Introduction to RTMB

Kasper Kristensen



This vignette demonstrates basic features of RTMB by implementing a random regression model from scratch and fit it to a built-in R dataset.

Random regression

Getting the data

We’ll take as starting point the built-in data set ‘ChickWeight’:


The data contains weight of 50 chicks by Time and individual identifier Chick. A useful plot of growth by individual is available from the help page by running example(ChickWeight).

Defining a model

Although not the most natural based on the plot, we’ll setup a random regression model. It is defined by first drawing slopes and intercepts by individual from an underlying distribution

\[ a_1,...,a_{50} \sim N(\mu_a , \sigma_a^2) \]

\[ b_1,...,b_{50} \sim N(\mu_b , \sigma_b^2) \]

and then state a normal regression given these random coefficients:

\[ \text{weight}_{i} \sim N(a_{\text{Chick}_i} * \text{Time}_i + b_{\text{Chick}_i}, \sigma^2) \]

Implementing the model in RTMB

To implement the model in RTMB we have to set up the objective function and define the parameters and random effects.

Parameter objects are gathered in a list that also serves as initial guess when fitting the model:

parameters <- list(
    mua=0,          ## Mean slope
    sda=1,          ## Std of slopes
    mub=0,          ## Mean intercept
    sdb=1,          ## Std of intercepts
    sdeps=1,        ## Residual Std
    a=rep(0, 50),   ## Random slope by chick
    b=rep(0, 50)    ## Random intercept by chick

The objective function takes as input such a parameter list, and is defined by

f <- function(parms) {
    getAll(ChickWeight, parms, warn=FALSE)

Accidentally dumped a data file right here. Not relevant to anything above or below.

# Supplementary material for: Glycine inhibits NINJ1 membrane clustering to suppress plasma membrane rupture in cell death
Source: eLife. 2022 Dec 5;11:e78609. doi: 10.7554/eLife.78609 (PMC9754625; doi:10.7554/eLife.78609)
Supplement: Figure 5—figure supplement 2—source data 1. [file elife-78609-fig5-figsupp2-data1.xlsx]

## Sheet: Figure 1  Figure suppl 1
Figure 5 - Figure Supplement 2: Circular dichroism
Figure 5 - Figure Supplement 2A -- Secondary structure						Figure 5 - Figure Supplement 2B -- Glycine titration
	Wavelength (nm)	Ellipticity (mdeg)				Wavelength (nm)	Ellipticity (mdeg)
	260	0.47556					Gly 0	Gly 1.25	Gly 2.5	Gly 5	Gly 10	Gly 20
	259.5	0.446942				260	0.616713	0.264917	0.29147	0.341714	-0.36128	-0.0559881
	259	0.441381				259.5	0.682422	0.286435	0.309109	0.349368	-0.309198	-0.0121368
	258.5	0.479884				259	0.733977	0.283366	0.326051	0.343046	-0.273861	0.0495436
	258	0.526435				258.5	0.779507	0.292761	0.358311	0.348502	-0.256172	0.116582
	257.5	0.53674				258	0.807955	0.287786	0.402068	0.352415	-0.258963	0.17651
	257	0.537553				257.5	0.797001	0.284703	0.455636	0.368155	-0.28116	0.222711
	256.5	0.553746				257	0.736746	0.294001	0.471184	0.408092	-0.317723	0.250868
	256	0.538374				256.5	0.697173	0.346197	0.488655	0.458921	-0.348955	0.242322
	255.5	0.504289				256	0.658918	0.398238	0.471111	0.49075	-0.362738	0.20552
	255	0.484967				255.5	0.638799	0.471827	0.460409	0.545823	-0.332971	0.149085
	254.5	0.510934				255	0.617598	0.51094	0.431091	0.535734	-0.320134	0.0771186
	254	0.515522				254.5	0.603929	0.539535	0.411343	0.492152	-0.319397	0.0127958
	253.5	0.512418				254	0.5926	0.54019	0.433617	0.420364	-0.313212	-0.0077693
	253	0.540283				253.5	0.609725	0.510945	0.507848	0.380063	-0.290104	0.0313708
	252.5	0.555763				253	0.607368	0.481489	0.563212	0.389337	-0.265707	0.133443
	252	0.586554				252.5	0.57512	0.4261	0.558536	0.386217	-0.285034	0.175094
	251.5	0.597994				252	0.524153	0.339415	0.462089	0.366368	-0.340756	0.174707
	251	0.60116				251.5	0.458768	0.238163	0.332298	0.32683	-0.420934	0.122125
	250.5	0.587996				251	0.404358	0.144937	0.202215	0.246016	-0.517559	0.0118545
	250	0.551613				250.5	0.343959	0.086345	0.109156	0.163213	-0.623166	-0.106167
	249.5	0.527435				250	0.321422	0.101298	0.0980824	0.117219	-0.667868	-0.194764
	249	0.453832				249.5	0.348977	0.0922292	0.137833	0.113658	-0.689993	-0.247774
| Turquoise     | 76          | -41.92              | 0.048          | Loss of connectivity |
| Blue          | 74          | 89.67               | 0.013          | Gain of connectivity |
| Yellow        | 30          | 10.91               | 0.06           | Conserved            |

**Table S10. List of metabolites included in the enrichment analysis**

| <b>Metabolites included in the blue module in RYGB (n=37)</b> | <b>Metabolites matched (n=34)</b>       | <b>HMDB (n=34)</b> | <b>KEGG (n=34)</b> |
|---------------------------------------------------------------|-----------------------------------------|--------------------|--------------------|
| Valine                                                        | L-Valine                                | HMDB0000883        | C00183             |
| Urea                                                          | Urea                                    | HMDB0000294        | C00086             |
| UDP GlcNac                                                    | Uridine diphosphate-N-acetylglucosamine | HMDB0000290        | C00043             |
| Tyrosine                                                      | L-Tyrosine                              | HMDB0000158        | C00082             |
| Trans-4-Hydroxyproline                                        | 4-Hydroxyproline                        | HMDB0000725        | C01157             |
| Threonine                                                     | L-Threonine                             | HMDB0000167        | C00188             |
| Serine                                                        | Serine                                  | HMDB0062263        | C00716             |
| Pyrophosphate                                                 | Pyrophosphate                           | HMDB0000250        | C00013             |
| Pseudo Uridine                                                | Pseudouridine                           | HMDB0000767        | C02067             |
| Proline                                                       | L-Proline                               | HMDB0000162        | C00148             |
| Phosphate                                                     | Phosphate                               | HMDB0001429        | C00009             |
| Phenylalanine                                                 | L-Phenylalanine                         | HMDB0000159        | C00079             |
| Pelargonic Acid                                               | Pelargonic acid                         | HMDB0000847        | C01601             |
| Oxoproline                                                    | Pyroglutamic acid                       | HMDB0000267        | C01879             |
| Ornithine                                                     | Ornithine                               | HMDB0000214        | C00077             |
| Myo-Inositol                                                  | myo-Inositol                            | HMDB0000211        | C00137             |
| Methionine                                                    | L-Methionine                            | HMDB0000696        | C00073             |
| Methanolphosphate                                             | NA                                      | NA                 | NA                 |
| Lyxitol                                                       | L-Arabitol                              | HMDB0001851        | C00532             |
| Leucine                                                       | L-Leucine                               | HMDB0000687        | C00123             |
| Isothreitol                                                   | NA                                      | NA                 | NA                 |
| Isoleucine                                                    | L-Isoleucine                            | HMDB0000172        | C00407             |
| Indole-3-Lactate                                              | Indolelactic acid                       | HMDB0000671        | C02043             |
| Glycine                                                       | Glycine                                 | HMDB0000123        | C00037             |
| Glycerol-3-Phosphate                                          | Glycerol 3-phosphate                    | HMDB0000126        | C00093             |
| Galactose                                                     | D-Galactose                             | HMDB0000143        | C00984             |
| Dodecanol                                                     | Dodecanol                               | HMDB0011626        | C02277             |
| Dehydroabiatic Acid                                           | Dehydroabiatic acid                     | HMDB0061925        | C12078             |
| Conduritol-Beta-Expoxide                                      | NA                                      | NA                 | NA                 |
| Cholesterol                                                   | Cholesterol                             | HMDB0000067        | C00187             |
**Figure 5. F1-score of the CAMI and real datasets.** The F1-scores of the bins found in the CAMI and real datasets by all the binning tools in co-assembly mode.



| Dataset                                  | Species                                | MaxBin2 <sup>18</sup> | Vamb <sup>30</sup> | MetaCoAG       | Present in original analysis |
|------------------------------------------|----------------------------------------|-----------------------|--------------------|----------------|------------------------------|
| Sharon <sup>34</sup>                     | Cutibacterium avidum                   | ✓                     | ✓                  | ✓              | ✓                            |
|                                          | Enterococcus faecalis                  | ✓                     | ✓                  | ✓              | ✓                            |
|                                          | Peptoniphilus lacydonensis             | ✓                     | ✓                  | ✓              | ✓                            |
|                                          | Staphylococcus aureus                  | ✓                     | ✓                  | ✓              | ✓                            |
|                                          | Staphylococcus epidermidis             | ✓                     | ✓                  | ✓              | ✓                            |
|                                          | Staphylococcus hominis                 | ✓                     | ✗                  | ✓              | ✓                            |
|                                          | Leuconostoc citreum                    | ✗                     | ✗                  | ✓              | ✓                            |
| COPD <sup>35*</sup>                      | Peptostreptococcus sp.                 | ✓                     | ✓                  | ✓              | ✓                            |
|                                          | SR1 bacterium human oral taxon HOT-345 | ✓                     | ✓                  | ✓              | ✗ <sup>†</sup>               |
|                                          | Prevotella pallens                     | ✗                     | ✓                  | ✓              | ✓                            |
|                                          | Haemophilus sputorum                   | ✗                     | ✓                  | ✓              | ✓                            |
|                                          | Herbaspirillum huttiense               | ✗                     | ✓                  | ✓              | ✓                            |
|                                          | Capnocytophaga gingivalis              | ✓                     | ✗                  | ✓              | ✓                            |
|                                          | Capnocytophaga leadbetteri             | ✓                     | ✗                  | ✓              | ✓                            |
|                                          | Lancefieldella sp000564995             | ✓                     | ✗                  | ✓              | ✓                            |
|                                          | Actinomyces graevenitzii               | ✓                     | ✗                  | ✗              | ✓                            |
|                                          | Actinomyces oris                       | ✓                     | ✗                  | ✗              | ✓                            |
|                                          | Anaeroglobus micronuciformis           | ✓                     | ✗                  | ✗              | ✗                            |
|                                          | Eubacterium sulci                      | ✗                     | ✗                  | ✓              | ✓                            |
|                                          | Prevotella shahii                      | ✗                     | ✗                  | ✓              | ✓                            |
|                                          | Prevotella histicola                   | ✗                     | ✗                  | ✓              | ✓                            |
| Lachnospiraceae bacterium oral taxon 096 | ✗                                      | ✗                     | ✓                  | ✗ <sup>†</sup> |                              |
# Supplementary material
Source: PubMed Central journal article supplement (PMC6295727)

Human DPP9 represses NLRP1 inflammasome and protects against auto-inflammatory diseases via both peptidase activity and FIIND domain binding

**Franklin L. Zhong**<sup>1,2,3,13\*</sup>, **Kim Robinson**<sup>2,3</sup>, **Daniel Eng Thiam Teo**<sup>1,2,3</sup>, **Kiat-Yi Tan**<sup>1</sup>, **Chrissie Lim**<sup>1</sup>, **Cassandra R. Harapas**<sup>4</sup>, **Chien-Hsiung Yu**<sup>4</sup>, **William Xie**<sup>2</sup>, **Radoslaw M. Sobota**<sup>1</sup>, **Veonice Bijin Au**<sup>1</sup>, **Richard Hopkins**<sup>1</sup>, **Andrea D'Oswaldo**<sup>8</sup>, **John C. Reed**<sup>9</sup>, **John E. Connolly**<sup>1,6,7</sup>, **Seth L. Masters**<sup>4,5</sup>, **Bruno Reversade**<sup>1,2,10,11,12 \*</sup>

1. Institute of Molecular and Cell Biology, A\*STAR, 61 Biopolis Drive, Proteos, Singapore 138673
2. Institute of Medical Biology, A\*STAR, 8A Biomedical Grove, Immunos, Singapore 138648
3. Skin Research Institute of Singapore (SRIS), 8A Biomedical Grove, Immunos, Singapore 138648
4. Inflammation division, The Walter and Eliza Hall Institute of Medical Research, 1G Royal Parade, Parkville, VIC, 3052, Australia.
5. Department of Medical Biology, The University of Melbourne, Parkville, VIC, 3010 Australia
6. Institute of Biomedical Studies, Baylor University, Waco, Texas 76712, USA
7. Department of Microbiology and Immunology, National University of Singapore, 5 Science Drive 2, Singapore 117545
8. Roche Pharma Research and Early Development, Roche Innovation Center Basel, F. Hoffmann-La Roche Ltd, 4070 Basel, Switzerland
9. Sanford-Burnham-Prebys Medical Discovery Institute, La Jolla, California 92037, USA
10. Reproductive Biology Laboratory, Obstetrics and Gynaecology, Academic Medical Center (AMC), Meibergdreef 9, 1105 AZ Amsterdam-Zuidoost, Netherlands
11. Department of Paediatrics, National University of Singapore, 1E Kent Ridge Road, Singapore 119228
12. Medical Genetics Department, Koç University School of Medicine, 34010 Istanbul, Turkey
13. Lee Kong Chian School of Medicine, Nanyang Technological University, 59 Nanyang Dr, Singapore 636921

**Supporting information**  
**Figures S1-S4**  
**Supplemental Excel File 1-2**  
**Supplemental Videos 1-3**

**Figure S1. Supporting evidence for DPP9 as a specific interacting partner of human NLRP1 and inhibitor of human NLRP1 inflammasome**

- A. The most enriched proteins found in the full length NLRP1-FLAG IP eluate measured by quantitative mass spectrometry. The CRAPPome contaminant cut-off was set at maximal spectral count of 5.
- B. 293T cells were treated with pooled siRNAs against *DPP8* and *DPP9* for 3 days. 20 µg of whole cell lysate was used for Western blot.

## Optional (enables extra RTMB features)
    weight <- OBS(weight)
    ## Initialize joint negative log likelihood
    nll <- 0
    ## Random slopes
    nll <- nll - sum(dnorm(a, mean=mua, sd=sda, log=TRUE))
    ## Random intercepts
    nll <- nll - sum(dnorm(b, mean=mub, sd=sdb, log=TRUE))
    ## Data
    predWeight <- a[Chick] * Time + b[Chick]
    nll <- nll - sum(dnorm(weight, predWeight, sd=sdeps, log=TRUE))
    ## Get predicted weight uncertainties
    ## Return

This function calculates the negative log likelihood nll using straight forward R operations corresponding exactly to the model definition. In addition, some RTMB specific statements are used:

The objective function f is processed by RTMB using the call

obj <- MakeADFun(f, parameters, random=c("a", "b"))

where we also specify that a and b are random effects.

Fitting the model

We optimize the model using nlminb (or any other suitable gradient based optimizer in R)

opt <- nlminb(obj$par, obj$fn, obj$gr)

Calculating model output

Uncertainties are now calculated using

sdr <- sdreport(obj)
## sdreport(.) result
##        Estimate Std. Error
## mua    8.467355  0.5010482
## sda    3.463551  0.3630097
## mub   29.044188  1.8040325
## sdb   10.541116  1.5588779
## sdeps 12.890654  0.4237485
## Maximum gradient component: 1.117405e-05

By default, the shown output is very brief, containing only the model parameters. The sdr object contains much more. It is often convenient to inspect parameter estimates and other output as a list similar to the one containing the parameters. For instance, to get parameters estimates and standard errors as separate lists use:

as.list(sdr, "Est") ## parameter estimates
as.list(sdr, "Std") ## parameter uncertainties

Pass report=TRUE to get ADREPORTed quantities:

as.list(sdr, "Est", report=TRUE) ## ADREPORT estimates
as.list(sdr, "Std", report=TRUE) ## ADREPORT uncertainties

Simulating from the model object

New datasets can be generated from the estimated model using obj$simulate() assuming that the model is implemented in accordance with the principles defined in the help page ?Simulation.

Checking correctness of the implementation using simulation